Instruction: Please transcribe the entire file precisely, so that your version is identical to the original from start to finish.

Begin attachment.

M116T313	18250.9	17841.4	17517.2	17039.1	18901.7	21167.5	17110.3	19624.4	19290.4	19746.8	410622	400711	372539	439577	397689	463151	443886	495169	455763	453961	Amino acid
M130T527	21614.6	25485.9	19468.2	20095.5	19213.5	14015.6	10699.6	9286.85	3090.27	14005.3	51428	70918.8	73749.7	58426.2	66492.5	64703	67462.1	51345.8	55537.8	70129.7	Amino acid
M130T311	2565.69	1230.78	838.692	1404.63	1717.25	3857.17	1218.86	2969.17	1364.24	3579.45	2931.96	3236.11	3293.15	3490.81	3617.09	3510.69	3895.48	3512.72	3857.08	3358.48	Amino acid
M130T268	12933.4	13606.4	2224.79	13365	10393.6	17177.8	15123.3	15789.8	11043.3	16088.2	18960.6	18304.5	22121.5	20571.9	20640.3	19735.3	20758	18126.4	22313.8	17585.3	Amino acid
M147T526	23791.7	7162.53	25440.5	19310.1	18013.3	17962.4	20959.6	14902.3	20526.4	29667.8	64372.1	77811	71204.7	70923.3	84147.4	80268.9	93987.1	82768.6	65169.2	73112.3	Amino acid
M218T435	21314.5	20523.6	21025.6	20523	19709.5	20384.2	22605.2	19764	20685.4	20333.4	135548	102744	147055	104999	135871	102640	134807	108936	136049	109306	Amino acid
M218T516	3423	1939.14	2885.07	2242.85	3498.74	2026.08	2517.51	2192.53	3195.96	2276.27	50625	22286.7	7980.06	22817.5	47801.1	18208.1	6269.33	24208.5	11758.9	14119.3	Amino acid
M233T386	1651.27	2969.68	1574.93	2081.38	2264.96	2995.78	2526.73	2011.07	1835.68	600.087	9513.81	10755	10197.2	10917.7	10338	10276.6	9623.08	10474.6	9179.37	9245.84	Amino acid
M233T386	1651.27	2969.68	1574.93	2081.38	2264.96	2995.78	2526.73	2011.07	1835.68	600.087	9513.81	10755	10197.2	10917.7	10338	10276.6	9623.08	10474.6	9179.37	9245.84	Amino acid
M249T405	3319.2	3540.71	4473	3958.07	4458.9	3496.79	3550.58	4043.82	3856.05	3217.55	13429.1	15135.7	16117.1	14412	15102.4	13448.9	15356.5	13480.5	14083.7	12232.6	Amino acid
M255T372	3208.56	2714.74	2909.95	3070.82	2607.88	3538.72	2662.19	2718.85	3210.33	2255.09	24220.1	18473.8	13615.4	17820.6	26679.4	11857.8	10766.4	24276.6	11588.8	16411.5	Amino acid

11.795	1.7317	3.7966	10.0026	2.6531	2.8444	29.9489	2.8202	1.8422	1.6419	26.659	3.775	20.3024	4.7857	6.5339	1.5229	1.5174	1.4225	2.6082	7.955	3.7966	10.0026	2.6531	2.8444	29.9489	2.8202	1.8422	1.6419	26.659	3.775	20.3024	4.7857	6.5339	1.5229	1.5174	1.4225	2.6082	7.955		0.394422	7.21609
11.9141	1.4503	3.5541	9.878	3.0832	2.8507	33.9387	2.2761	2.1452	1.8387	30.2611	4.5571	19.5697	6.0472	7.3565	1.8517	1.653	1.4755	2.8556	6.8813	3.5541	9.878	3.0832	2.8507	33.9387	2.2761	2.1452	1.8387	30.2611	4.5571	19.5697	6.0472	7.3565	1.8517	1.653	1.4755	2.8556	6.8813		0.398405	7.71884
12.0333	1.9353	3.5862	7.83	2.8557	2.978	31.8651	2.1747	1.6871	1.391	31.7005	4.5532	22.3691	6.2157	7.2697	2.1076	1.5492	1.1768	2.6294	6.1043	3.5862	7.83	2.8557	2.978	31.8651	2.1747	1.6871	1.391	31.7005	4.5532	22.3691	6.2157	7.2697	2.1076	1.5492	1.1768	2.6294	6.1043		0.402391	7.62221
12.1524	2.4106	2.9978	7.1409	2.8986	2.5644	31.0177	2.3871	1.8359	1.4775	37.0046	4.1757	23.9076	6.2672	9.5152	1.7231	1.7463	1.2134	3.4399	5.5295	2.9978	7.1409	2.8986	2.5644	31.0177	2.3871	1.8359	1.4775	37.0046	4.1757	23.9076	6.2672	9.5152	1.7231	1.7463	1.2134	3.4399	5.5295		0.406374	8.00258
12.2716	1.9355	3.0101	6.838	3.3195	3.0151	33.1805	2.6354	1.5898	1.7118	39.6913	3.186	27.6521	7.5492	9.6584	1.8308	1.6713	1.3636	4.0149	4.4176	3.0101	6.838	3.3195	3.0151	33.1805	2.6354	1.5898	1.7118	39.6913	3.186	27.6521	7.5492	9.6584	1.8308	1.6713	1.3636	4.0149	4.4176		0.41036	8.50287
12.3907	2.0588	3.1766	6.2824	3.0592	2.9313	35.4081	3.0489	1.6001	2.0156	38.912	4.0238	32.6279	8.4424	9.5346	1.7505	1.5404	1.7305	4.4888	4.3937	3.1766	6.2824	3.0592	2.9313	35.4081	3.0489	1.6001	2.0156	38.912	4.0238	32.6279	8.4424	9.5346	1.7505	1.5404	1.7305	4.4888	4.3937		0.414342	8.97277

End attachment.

M116T313	18250.9	17841.4	17517.2	17039.1	18901.7	21167.5	17110.3	19624.4	19290.4	19746.8	410622	400711	372539	439577	397689	463151	443886	495169	455763	453961	Amino acid
M130T527	21614.6	25485.9	19468.2	20095.5	19213.5	14015.6	10699.6	9286.85	3090.27	14005.3	51428	70918.8	73749.7	58426.2	66492.5	64703	67462.1	51345.8	55537.8	70129.7	Amino acid
M130T311	2565.69	1230.78	838.692	1404.63	1717.25	3857.17	1218.86	2969.17	1364.24	3579.45	2931.96	3236.11	3293.15	3490.81	3617.09	3510.69	3895.48	3512.72	3857.08	3358.48	Amino acid
M130T268	12933.4	13606.4	2224.79	13365	10393.6	17177.8	15123.3	15789.8	11043.3	16088.2	18960.6	18304.5	22121.5	20571.9	20640.3	19735.3	20758	18126.4	22313.8	17585.3	Amino acid
M147T526	23791.7	7162.53	25440.5	19310.1	18013.3	17962.4	20959.6	14902.3	20526.4	29667.8	64372.1	77811	71204.7	70923.3	84147.4	80268.9	93987.1	82768.6	65169.2	73112.3	Amino acid
M218T435	21314.5	20523.6	21025.6	20523	19709.5	20384.2	22605.2	19764	20685.4	20333.4	135548	102744	147055	104999	135871	102640	134807	108936	136049	109306	Amino acid
M218T516	3423	1939.14	2885.07	2242.85	3498.74	2026.08	2517.51	2192.53	3195.96	2276.27	50625	22286.7	7980.06	22817.5	47801.1	18208.1	6269.33	24208.5	11758.9	14119.3	Amino acid
M233T386	1651.27	2969.68	1574.93	2081.38	2264.96	2995.78	2526.73	2011.07	1835.68	600.087	9513.81	10755	10197.2	10917.7	10338	10276.6	9623.08	10474.6	9179.37	9245.84	Amino acid
M233T386	1651.27	2969.68	1574.93	2081.38	2264.96	2995.78	2526.73	2011.07	1835.68	600.087	9513.81	10755	10197.2	10917.7	10338	10276.6	9623.08	10474.6	9179.37	9245.84	Amino acid
M249T405	3319.2	3540.71	4473	3958.07	4458.9	3496.79	3550.58	4043.82	3856.05	3217.55	13429.1	15135.7	16117.1	14412	15102.4	13448.9	15356.5	13480.5	14083.7	12232.6	Amino acid
M255T372	3208.56	2714.74	2909.95	3070.82	2607.88	3538.72	2662.19	2718.85	3210.33	2255.09	24220.1	18473.8	13615.4	17820.6	26679.4	11857.8	10766.4	24276.6	11588.8	16411.5	Amino acid

11.795	1.7317	3.7966	10.0026	2.6531	2.8444	29.9489	2.8202	1.8422	1.6419	26.659	3.775	20.3024	4.7857	6.5339	1.5229	1.5174	1.4225	2.6082	7.955	3.7966	10.0026	2.6531	2.8444	29.9489	2.8202	1.8422	1.6419	26.659	3.775	20.3024	4.7857	6.5339	1.5229	1.5174	1.4225	2.6082	7.955		0.394422	7.21609
11.9141	1.4503	3.5541	9.878	3.0832	2.8507	33.9387	2.2761	2.1452	1.8387	30.2611	4.5571	19.5697	6.0472	7.3565	1.8517	1.653	1.4755	2.8556	6.8813	3.5541	9.878	3.0832	2.8507	33.9387	2.2761	2.1452	1.8387	30.2611	4.5571	19.5697	6.0472	7.3565	1.8517	1.653	1.4755	2.8556	6.8813		0.398405	7.71884
12.0333	1.9353	3.5862	7.83	2.8557	2.978	31.8651	2.1747	1.6871	1.391	31.7005	4.5532	22.3691	6.2157	7.2697	2.1076	1.5492	1.1768	2.6294	6.1043	3.5862	7.83	2.8557	2.978	31.8651	2.1747	1.6871	1.391	31.7005	4.5532	22.3691	6.2157	7.2697	2.1076	1.5492	1.1768	2.6294	6.1043		0.402391	7.62221
12.1524	2.4106	2.9978	7.1409	2.8986	2.5644	31.0177	2.3871	1.8359	1.4775	37.0046	4.1757	23.9076	6.2672	9.5152	1.7231	1.7463	1.2134	3.4399	5.5295	2.9978	7.1409	2.8986	2.5644	31.0177	2.3871	1.8359	1.4775	37.0046	4.1757	23.9076	6.2672	9.5152	1.7231	1.7463	1.2134	3.4399	5.5295		0.406374	8.00258
12.2716	1.9355	3.0101	6.838	3.3195	3.0151	33.1805	2.6354	1.5898	1.7118	39.6913	3.186	27.6521	7.5492	9.6584	1.8308	1.6713	1.3636	4.0149	4.4176	3.0101	6.838	3.3195	3.0151	33.1805	2.6354	1.5898	1.7118	39.6913	3.186	27.6521	7.5492	9.6584	1.8308	1.6713	1.3636	4.0149	4.4176		0.41036	8.50287
12.3907	2.0588	3.1766	6.2824	3.0592	2.9313	35.4081	3.0489	1.6001	2.0156	38.912	4.0238	32.6279	8.4424	9.5346	1.7505	1.5404	1.7305	4.4888	4.3937	3.1766	6.2824	3.0592	2.9313	35.4081	3.0489	1.6001	2.0156	38.912	4.0238	32.6279	8.4424	9.5346	1.7505	1.5404	1.7305	4.4888	4.3937		0.414342	8.97277